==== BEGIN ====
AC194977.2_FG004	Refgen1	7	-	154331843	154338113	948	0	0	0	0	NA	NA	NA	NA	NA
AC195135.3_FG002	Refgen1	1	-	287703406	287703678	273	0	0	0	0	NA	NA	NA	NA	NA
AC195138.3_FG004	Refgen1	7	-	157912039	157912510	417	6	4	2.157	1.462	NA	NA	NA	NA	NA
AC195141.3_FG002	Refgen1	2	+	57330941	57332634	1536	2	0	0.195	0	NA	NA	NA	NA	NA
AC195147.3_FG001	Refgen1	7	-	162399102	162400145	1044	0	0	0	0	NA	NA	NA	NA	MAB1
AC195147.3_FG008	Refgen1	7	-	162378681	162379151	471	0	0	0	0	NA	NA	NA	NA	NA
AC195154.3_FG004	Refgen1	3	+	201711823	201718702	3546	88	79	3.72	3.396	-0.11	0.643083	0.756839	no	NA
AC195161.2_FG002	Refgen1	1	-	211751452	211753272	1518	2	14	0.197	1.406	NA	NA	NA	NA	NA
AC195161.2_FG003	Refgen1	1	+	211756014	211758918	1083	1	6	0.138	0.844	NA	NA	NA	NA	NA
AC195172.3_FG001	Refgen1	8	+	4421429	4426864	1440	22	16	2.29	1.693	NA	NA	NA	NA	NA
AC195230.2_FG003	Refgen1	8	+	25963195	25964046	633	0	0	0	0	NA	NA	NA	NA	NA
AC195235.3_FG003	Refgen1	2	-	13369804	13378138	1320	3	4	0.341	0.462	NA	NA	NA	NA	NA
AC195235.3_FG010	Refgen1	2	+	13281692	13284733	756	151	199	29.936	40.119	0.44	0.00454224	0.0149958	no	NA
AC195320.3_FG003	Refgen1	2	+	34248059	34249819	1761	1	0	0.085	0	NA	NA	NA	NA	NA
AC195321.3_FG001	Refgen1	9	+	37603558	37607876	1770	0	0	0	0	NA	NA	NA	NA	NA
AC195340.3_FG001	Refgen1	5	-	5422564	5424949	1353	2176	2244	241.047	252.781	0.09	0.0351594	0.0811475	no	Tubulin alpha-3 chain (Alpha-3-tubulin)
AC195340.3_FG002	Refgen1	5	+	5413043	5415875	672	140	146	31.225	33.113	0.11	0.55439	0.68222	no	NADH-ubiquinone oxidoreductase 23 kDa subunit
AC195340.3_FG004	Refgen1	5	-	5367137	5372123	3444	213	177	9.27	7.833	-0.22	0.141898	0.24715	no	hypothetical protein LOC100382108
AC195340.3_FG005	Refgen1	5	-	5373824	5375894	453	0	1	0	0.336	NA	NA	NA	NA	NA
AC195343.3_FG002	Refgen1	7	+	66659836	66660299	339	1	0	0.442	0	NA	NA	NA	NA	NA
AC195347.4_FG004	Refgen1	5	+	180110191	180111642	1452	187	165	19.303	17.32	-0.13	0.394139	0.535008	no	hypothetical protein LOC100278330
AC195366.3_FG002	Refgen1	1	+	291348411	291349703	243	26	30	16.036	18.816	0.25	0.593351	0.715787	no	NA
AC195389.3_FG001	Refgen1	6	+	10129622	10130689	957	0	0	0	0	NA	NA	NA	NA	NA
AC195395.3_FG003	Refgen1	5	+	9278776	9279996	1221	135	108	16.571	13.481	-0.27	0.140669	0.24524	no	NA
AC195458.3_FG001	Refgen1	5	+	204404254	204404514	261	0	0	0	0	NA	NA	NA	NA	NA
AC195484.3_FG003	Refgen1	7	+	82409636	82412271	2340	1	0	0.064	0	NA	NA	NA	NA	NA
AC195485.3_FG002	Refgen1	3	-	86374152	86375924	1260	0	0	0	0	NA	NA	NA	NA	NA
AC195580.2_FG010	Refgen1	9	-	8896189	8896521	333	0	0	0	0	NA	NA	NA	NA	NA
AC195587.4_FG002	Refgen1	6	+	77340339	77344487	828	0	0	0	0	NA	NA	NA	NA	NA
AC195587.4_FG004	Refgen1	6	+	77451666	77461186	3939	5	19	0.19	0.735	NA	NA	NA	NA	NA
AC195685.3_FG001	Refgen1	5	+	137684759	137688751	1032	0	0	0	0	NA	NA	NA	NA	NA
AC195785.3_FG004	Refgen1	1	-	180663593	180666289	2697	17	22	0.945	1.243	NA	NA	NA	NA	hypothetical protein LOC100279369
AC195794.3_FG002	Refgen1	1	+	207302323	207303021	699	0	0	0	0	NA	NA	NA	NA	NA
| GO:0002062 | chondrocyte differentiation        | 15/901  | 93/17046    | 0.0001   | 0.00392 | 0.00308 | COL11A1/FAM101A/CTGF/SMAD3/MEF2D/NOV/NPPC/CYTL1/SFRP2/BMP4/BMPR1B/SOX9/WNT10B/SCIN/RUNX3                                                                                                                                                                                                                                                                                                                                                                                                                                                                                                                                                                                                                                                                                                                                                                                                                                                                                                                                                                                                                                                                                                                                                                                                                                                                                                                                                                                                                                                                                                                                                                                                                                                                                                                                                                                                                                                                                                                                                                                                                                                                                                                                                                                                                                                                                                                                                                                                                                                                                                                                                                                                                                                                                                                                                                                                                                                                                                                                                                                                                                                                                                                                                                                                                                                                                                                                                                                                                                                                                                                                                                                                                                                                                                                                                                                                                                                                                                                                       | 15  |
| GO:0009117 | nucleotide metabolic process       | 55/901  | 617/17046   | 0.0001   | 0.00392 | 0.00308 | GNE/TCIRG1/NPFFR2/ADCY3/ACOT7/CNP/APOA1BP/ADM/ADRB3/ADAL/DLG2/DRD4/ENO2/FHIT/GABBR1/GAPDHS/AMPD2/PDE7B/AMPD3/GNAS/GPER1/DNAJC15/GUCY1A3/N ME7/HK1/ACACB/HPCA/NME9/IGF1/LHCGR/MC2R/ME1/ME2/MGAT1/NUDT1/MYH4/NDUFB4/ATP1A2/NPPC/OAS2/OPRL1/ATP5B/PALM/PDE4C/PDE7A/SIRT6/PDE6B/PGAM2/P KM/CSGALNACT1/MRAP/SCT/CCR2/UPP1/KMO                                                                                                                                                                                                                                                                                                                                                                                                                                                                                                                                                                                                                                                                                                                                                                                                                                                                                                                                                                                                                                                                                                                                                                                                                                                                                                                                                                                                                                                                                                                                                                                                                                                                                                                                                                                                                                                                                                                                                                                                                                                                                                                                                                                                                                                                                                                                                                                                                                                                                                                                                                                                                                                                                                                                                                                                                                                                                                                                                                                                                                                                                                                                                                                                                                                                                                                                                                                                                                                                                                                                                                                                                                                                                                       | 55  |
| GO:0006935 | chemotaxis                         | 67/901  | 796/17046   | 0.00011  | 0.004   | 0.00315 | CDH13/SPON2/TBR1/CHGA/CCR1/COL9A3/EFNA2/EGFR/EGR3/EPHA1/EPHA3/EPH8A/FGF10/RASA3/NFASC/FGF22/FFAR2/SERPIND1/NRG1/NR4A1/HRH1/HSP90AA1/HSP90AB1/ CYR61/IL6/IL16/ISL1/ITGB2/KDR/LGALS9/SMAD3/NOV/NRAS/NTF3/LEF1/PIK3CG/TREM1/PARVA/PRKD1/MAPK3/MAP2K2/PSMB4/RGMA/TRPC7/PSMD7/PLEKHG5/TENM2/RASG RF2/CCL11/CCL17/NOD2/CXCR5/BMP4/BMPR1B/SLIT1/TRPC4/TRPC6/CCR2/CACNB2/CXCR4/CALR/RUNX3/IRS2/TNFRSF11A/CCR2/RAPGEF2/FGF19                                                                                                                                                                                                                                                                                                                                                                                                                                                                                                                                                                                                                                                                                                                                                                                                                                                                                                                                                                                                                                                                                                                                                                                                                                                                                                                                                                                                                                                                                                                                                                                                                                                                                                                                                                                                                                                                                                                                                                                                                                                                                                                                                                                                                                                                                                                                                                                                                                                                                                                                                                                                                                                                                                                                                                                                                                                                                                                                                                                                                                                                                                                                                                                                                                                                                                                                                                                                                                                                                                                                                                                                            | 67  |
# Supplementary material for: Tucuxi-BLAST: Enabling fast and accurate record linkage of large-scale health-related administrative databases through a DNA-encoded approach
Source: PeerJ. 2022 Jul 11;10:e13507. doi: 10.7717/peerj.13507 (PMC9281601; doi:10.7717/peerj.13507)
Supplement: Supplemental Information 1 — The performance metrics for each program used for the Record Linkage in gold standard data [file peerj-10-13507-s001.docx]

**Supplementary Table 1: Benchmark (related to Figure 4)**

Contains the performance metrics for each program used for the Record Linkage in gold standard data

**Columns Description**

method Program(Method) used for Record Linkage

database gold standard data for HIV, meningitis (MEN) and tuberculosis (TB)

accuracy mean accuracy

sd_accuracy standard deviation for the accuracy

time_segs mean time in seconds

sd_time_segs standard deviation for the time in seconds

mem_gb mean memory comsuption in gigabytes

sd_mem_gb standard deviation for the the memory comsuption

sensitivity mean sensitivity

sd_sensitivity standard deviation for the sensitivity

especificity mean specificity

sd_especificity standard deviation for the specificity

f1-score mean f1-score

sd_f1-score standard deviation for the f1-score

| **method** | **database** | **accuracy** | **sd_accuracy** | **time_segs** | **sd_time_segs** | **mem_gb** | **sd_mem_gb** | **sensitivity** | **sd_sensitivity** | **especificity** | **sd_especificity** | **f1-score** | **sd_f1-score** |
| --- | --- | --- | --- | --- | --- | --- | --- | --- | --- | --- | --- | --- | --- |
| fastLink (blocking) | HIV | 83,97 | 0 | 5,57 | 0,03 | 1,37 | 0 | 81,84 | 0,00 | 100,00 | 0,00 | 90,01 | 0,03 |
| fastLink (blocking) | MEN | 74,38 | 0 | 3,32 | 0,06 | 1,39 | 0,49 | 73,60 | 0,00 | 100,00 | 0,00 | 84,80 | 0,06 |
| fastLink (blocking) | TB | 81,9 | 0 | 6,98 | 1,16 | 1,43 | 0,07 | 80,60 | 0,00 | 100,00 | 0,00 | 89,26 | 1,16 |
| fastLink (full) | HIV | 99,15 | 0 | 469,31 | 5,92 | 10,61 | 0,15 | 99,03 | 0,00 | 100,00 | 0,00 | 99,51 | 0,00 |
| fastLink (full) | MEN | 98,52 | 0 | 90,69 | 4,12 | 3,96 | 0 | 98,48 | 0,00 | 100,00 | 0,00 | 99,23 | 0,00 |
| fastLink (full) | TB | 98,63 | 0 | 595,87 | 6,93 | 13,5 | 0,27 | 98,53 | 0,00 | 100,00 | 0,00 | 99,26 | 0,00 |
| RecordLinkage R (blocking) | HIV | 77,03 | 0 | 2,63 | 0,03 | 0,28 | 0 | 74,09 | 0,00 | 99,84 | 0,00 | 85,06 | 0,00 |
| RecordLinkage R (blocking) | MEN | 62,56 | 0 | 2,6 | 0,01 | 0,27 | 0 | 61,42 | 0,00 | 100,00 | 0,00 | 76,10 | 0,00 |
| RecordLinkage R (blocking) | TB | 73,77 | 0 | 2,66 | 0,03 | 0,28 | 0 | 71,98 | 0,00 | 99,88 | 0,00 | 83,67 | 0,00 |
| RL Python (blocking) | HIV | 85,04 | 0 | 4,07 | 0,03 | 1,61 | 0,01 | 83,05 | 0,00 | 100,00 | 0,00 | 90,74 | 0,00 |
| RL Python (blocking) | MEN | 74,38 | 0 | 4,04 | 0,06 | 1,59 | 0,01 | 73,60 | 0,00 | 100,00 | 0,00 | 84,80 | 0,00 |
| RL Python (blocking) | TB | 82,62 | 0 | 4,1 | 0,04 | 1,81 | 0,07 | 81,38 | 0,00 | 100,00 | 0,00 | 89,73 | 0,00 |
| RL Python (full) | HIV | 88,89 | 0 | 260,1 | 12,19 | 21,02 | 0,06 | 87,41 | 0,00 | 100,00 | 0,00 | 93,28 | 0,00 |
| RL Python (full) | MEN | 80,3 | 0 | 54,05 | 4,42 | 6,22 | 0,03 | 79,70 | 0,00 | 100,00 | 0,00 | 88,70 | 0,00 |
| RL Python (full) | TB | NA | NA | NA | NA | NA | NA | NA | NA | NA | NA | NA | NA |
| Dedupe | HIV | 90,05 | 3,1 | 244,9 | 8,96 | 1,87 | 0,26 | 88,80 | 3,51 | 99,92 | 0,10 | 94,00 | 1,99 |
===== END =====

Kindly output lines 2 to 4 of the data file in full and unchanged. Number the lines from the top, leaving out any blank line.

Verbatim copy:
AC195135.3_FG002	Refgen1	1	-	287703406	287703678	273	0	0	0	0	NA	NA	NA	NA	NA
AC195138.3_FG004	Refgen1	7	-	157912039	157912510	417	6	4	2.157	1.462	NA	NA	NA	NA	NA
AC195141.3_FG002	Refgen1	2	+	57330941	57332634	1536	2	0	0.195	0	NA	NA	NA	NA	NA